Chinese heritage churches foster belonging by espousing the values of Chinese American Christians. During the COVID19 pandemic, a number of new families and individuals joined my church. When I asked them why they chose to worship at my church, I was surprised at their response. A number responded that they appreciated our church for taking COVID19 seriously and for requiring those attending the indoor service to wear masks. They no longer felt safe worshiping at majority culture churches, and they felt looked down upon when they wore their masks. Like many Chinese American Christians, my church values the opinions of our medical professionals. One of our elders, who is an infectious disease doctor, encouraged us to maintain masks indoors until the infection rate dropped. This value on safety helped our newcomers feel comfortable worshiping with us, and they felt a sense of belonging because everyone shared the same values. In addition, over the years, my church has had an inflow of Chinese American Christian youths from majority culture churches. Although the parents of the youths felt comfort in majority culture churches, the youths were not comfortable. A number of these youths mentioned to me that if they aspired to attend a good college, they were often seen as overachievers and felt like misfits in majority culture churches. These majority culture “misfits” found a safe home in my church where it is normative to pursue Christ and education. There was also a greater sense of acceptance in the group due to shared communication styles, family values, and background. The body of Christ needs churches that celebrate values that majority culture churches may not.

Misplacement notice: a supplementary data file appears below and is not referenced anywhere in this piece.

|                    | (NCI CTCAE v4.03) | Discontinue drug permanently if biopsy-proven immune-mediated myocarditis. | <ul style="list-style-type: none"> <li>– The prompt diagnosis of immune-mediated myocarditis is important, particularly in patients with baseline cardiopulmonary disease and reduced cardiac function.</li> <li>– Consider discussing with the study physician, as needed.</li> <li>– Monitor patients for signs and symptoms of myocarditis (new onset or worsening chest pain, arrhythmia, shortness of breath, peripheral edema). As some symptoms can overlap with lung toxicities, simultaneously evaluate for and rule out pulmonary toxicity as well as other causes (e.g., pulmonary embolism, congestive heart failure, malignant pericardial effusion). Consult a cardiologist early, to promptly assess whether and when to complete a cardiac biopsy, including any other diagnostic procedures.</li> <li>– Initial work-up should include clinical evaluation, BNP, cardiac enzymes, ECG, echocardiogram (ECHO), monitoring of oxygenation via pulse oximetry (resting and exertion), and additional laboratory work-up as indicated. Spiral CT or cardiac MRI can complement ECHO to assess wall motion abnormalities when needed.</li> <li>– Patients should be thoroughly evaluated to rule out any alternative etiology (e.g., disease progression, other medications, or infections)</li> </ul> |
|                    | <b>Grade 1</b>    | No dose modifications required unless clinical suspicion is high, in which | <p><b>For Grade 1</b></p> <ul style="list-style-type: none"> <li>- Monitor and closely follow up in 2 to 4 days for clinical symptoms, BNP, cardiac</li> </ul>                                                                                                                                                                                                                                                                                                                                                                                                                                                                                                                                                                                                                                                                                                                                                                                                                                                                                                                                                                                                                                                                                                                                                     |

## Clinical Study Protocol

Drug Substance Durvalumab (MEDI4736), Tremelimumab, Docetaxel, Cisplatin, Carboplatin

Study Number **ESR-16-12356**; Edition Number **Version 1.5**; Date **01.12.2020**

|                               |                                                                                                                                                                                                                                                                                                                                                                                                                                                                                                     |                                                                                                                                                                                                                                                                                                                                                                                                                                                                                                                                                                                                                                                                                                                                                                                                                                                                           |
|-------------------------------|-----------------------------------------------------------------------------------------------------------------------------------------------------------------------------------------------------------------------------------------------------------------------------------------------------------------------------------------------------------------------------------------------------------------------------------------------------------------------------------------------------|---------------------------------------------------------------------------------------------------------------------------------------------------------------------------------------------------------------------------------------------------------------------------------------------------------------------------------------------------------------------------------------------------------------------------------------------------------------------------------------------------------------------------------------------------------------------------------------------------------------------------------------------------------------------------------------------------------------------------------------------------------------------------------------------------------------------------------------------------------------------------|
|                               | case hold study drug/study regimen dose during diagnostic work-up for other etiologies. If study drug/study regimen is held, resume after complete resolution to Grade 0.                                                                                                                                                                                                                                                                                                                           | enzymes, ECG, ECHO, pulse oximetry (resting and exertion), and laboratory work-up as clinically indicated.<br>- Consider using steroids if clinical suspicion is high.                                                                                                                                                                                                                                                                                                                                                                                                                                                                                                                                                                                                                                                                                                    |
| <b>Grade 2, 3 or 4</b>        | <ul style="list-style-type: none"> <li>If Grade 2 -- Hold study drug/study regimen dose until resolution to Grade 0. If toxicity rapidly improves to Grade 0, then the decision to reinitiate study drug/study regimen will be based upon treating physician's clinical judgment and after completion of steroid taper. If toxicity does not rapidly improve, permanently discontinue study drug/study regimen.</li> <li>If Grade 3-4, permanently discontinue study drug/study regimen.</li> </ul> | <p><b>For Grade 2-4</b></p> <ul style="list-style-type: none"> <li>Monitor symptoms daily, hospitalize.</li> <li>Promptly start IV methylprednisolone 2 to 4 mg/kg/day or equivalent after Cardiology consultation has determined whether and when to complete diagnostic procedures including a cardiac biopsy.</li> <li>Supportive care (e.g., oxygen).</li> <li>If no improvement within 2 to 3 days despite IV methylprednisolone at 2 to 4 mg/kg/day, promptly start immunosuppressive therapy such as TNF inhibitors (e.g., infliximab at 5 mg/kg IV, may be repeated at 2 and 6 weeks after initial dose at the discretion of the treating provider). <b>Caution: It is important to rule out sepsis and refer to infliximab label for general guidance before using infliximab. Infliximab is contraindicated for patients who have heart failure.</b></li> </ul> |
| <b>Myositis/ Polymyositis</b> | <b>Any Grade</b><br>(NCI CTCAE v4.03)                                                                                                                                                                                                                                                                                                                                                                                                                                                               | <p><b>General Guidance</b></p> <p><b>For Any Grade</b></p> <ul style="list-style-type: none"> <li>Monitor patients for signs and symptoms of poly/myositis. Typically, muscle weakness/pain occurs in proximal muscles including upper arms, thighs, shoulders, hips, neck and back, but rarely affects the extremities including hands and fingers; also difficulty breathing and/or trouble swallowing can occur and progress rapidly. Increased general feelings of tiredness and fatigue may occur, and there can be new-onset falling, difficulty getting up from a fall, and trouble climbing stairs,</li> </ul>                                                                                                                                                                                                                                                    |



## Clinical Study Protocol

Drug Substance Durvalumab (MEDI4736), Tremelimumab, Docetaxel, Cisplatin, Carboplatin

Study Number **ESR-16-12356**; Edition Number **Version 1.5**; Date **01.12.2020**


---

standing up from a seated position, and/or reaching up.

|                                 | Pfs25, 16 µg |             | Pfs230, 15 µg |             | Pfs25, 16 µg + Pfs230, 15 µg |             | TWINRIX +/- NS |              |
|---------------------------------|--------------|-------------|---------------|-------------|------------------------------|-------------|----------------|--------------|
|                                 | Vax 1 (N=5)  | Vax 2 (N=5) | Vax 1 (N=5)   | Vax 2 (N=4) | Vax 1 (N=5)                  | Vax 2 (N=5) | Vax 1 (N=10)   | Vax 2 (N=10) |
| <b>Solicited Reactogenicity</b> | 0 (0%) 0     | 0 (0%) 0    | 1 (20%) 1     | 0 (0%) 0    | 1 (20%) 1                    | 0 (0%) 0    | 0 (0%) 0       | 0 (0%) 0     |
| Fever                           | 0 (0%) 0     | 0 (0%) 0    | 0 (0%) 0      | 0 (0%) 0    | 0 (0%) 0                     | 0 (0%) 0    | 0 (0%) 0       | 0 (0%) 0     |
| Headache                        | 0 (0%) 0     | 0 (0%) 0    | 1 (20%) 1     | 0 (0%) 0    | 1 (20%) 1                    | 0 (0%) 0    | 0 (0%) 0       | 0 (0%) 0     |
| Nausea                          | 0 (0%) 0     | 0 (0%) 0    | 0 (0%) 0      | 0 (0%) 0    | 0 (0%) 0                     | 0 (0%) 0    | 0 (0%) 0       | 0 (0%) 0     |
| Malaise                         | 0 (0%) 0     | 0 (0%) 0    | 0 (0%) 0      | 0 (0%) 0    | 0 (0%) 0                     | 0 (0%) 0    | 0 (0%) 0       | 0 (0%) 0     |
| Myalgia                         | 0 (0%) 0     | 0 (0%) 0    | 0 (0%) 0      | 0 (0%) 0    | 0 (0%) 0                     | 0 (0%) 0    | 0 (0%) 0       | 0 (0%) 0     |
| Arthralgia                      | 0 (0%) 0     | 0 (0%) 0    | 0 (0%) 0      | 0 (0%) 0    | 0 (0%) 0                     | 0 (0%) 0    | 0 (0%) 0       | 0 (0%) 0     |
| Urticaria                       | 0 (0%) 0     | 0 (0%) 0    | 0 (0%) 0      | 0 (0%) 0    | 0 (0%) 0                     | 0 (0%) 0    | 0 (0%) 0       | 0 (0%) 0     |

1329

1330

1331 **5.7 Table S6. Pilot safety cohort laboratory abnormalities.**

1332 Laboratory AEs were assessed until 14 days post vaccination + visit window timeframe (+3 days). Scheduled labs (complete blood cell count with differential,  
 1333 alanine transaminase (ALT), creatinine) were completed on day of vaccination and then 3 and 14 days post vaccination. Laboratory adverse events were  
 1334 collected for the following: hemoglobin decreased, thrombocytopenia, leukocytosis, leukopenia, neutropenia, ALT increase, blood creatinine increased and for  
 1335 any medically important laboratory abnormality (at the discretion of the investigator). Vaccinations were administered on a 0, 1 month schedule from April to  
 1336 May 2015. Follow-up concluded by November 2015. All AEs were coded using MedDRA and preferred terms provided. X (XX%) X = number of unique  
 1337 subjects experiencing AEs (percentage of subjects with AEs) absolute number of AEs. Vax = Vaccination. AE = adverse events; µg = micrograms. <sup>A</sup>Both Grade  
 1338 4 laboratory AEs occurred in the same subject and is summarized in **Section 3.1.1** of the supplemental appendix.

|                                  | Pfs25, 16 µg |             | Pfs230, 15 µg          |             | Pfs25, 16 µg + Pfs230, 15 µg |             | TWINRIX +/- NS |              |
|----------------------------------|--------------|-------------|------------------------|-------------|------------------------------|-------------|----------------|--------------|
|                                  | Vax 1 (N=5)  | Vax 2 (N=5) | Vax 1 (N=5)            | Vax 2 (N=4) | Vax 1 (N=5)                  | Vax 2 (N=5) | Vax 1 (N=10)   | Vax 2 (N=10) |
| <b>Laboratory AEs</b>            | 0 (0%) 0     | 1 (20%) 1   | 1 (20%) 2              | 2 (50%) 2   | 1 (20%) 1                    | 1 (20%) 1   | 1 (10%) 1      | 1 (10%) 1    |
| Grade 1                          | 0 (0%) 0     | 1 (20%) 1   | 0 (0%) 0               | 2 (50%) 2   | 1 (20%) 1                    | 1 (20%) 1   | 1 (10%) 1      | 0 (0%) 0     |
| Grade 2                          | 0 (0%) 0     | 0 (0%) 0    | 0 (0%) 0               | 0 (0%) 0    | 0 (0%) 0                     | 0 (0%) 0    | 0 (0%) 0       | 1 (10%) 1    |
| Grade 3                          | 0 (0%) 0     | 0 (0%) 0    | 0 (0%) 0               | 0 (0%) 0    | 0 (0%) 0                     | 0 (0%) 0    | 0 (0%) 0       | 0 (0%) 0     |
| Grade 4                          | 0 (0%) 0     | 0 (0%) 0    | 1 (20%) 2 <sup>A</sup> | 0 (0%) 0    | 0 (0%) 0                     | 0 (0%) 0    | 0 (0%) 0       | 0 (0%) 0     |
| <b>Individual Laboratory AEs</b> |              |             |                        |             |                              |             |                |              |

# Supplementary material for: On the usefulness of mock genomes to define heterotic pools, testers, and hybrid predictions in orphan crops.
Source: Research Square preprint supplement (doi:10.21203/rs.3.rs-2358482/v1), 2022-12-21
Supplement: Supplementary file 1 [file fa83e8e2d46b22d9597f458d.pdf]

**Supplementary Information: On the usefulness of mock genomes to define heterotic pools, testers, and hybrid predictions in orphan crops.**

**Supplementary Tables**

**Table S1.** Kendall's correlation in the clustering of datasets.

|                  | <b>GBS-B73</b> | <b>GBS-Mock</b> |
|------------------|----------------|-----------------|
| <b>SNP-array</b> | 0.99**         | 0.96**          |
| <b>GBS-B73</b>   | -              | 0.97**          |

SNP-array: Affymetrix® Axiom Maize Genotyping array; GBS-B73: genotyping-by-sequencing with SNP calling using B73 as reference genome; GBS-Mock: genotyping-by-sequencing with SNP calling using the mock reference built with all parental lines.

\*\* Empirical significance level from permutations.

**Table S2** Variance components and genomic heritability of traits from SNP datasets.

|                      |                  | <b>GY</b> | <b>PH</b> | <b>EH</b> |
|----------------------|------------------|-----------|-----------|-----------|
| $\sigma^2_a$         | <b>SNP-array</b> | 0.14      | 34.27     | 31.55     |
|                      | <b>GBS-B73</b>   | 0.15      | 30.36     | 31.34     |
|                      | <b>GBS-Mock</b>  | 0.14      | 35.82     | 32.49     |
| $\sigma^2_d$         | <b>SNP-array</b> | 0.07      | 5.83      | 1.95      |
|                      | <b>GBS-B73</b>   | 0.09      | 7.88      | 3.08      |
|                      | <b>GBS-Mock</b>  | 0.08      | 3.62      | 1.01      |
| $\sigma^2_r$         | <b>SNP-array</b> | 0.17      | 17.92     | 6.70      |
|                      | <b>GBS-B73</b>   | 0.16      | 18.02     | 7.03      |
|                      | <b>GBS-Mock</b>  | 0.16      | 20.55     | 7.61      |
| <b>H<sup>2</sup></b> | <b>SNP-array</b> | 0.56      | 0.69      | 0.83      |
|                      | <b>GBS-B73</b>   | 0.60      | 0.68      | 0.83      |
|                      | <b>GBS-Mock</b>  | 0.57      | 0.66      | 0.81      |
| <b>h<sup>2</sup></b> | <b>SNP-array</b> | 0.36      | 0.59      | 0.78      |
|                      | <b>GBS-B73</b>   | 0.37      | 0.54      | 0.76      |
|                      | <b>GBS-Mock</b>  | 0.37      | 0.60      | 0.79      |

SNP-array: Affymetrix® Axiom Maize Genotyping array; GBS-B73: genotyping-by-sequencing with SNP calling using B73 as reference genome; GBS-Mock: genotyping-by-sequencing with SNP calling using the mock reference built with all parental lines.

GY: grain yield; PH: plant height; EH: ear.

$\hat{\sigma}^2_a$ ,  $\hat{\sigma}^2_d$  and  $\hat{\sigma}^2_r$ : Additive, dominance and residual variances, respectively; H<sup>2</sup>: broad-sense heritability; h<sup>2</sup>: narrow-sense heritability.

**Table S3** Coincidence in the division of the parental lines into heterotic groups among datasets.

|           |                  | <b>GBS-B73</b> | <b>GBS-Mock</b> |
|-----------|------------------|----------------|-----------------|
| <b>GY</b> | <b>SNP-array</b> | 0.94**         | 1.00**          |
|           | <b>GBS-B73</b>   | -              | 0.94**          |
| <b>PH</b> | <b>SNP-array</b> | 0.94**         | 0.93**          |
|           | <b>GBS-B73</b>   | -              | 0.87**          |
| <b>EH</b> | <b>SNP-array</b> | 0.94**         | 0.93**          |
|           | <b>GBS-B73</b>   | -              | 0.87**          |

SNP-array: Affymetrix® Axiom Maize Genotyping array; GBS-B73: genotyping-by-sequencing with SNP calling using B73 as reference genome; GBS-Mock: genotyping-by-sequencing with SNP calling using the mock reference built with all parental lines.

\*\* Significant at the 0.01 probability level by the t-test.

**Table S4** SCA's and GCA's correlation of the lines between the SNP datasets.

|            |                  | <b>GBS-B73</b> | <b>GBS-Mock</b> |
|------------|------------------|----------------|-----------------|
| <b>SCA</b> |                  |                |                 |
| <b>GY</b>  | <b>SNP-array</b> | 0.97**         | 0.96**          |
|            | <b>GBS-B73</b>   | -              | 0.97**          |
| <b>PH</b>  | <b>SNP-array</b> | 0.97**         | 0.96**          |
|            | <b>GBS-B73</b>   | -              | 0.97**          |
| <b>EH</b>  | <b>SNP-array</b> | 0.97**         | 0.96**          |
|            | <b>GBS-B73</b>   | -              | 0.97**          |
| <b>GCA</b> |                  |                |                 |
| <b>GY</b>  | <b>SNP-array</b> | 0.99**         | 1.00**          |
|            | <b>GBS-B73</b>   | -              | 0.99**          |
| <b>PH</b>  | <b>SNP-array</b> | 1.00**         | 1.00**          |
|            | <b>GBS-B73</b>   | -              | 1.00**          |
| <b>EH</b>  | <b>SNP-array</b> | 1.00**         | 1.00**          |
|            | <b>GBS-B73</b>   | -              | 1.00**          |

Chinese heritage churches are one of the few church settings where Chinese American Christians are encouraged to lead at the highest level. The Harvard Business Review reported that Asian Americans were the least likely group to be promoted to management.(15) Oftentimes, Asian American Christians face similar barriers in the religious realm. In a 2019 Pew Research study, Asian Americans made up 7% of the population in the United States,(16) but also in 2019, only 4% of multiethnic churches in the U.S. were led by Asians.(17) Most of the multiethnic churches with Asian American leadership, with whom I am familiar, are multi-Asian churches led by Korean and Japanese American pastors. The number of majority culture and multiethnic churches led by Chinese American pastors may be below 1%. Assuming that God shows no favoritism (Romans 2:11), God should be gifting pastors from every ethnicity alike with teaching and leadership gifts. Because of the barriers that Chinese American pastors seem to encounter in expressing their gifts in majority culture or multiethnic churches at the highest levels, Chinese heritage churches are needed. Chinese heritage churches may be one of the few places where Chinese American pastors are valued as leaders and invited to be the lead pastors of either a congregation or the entire church. Chinese heritage churches are a home for these pastors to express their teaching and leadership gifts at the highest level. They can also serve as examples of culturally congruent Christian leadership for the next generations.